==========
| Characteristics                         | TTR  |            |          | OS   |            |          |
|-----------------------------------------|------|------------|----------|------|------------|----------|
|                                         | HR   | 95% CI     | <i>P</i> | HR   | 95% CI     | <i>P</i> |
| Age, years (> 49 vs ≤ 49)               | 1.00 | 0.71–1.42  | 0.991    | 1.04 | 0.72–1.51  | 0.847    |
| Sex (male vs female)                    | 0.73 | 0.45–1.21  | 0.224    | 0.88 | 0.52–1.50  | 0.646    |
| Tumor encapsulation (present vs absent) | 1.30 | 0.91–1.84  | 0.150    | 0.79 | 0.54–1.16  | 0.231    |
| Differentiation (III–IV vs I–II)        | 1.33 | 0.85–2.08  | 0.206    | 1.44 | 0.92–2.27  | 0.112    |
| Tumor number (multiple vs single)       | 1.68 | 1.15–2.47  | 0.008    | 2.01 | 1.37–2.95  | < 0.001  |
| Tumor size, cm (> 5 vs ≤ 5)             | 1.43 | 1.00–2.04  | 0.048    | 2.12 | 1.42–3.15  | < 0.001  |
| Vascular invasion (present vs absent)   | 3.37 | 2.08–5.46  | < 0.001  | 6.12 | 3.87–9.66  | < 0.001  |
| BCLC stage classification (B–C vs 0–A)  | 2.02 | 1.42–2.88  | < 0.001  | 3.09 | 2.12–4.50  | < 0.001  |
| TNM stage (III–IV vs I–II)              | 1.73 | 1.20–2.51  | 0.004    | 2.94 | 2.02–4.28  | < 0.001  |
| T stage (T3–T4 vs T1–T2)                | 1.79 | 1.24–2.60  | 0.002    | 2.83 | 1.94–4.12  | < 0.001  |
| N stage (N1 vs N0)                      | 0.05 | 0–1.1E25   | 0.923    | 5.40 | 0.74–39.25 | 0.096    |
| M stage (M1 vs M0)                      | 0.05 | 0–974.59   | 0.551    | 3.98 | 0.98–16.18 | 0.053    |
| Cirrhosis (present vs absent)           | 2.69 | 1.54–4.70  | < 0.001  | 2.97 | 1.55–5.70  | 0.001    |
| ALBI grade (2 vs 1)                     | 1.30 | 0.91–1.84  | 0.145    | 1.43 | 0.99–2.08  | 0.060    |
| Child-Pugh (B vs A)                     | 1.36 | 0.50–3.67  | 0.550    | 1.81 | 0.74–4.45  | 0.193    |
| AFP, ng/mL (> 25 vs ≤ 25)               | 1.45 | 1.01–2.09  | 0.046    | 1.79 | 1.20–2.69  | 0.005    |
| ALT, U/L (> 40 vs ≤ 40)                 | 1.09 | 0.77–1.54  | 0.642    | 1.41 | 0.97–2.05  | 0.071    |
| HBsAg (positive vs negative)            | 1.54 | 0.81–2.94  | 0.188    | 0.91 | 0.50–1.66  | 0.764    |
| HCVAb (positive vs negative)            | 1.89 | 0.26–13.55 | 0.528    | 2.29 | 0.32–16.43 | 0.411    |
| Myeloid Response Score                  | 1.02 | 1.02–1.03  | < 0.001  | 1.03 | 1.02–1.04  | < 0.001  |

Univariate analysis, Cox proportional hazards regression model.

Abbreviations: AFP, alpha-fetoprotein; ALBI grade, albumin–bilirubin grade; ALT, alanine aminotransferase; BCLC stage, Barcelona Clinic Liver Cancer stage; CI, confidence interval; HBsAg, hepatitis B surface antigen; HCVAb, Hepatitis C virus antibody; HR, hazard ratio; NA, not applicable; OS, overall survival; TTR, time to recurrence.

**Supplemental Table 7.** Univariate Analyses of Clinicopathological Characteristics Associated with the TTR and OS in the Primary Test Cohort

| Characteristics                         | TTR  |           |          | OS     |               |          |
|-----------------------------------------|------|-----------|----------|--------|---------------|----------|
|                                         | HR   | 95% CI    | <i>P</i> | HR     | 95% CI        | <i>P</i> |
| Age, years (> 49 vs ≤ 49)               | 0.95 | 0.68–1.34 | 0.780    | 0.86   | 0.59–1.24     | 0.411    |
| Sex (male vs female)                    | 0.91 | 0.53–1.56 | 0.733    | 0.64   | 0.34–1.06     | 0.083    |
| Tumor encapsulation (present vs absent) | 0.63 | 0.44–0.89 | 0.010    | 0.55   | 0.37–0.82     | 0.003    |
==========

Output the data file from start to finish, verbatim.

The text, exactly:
| Characteristics                         | TTR  |            |          | OS   |            |          |
|-----------------------------------------|------|------------|----------|------|------------|----------|
|                                         | HR   | 95% CI     | <i>P</i> | HR   | 95% CI     | <i>P</i> |
| Age, years (> 49 vs ≤ 49)               | 1.00 | 0.71–1.42  | 0.991    | 1.04 | 0.72–1.51  | 0.847    |
| Sex (male vs female)                    | 0.73 | 0.45–1.21  | 0.224    | 0.88 | 0.52–1.50  | 0.646    |
| Tumor encapsulation (present vs absent) | 1.30 | 0.91–1.84  | 0.150    | 0.79 | 0.54–1.16  | 0.231    |
| Differentiation (III–IV vs I–II)        | 1.33 | 0.85–2.08  | 0.206    | 1.44 | 0.92–2.27  | 0.112    |
| Tumor number (multiple vs single)       | 1.68 | 1.15–2.47  | 0.008    | 2.01 | 1.37–2.95  | < 0.001  |
| Tumor size, cm (> 5 vs ≤ 5)             | 1.43 | 1.00–2.04  | 0.048    | 2.12 | 1.42–3.15  | < 0.001  |
| Vascular invasion (present vs absent)   | 3.37 | 2.08–5.46  | < 0.001  | 6.12 | 3.87–9.66  | < 0.001  |
| BCLC stage classification (B–C vs 0–A)  | 2.02 | 1.42–2.88  | < 0.001  | 3.09 | 2.12–4.50  | < 0.001  |
| TNM stage (III–IV vs I–II)              | 1.73 | 1.20–2.51  | 0.004    | 2.94 | 2.02–4.28  | < 0.001  |
| T stage (T3–T4 vs T1–T2)                | 1.79 | 1.24–2.60  | 0.002    | 2.83 | 1.94–4.12  | < 0.001  |
| N stage (N1 vs N0)                      | 0.05 | 0–1.1E25   | 0.923    | 5.40 | 0.74–39.25 | 0.096    |
| M stage (M1 vs M0)                      | 0.05 | 0–974.59   | 0.551    | 3.98 | 0.98–16.18 | 0.053    |
| Cirrhosis (present vs absent)           | 2.69 | 1.54–4.70  | < 0.001  | 2.97 | 1.55–5.70  | 0.001    |
| ALBI grade (2 vs 1)                     | 1.30 | 0.91–1.84  | 0.145    | 1.43 | 0.99–2.08  | 0.060    |
| Child-Pugh (B vs A)                     | 1.36 | 0.50–3.67  | 0.550    | 1.81 | 0.74–4.45  | 0.193    |
| AFP, ng/mL (> 25 vs ≤ 25)               | 1.45 | 1.01–2.09  | 0.046    | 1.79 | 1.20–2.69  | 0.005    |
| ALT, U/L (> 40 vs ≤ 40)                 | 1.09 | 0.77–1.54  | 0.642    | 1.41 | 0.97–2.05  | 0.071    |
| HBsAg (positive vs negative)            | 1.54 | 0.81–2.94  | 0.188    | 0.91 | 0.50–1.66  | 0.764    |
| HCVAb (positive vs negative)            | 1.89 | 0.26–13.55 | 0.528    | 2.29 | 0.32–16.43 | 0.411    |
| Myeloid Response Score                  | 1.02 | 1.02–1.03  | < 0.001  | 1.03 | 1.02–1.04  | < 0.001  |

Univariate analysis, Cox proportional hazards regression model.

Abbreviations: AFP, alpha-fetoprotein; ALBI grade, albumin–bilirubin grade; ALT, alanine aminotransferase; BCLC stage, Barcelona Clinic Liver Cancer stage; CI, confidence interval; HBsAg, hepatitis B surface antigen; HCVAb, Hepatitis C virus antibody; HR, hazard ratio; NA, not applicable; OS, overall survival; TTR, time to recurrence.

**Supplemental Table 7.** Univariate Analyses of Clinicopathological Characteristics Associated with the TTR and OS in the Primary Test Cohort

| Characteristics                         | TTR  |           |          | OS     |               |          |
|-----------------------------------------|------|-----------|----------|--------|---------------|----------|
|                                         | HR   | 95% CI    | <i>P</i> | HR     | 95% CI        | <i>P</i> |
| Age, years (> 49 vs ≤ 49)               | 0.95 | 0.68–1.34 | 0.780    | 0.86   | 0.59–1.24     | 0.411    |
| Sex (male vs female)                    | 0.91 | 0.53–1.56 | 0.733    | 0.64   | 0.34–1.06     | 0.083    |
| Tumor encapsulation (present vs absent) | 0.63 | 0.44–0.89 | 0.010    | 0.55   | 0.37–0.82     | 0.003    |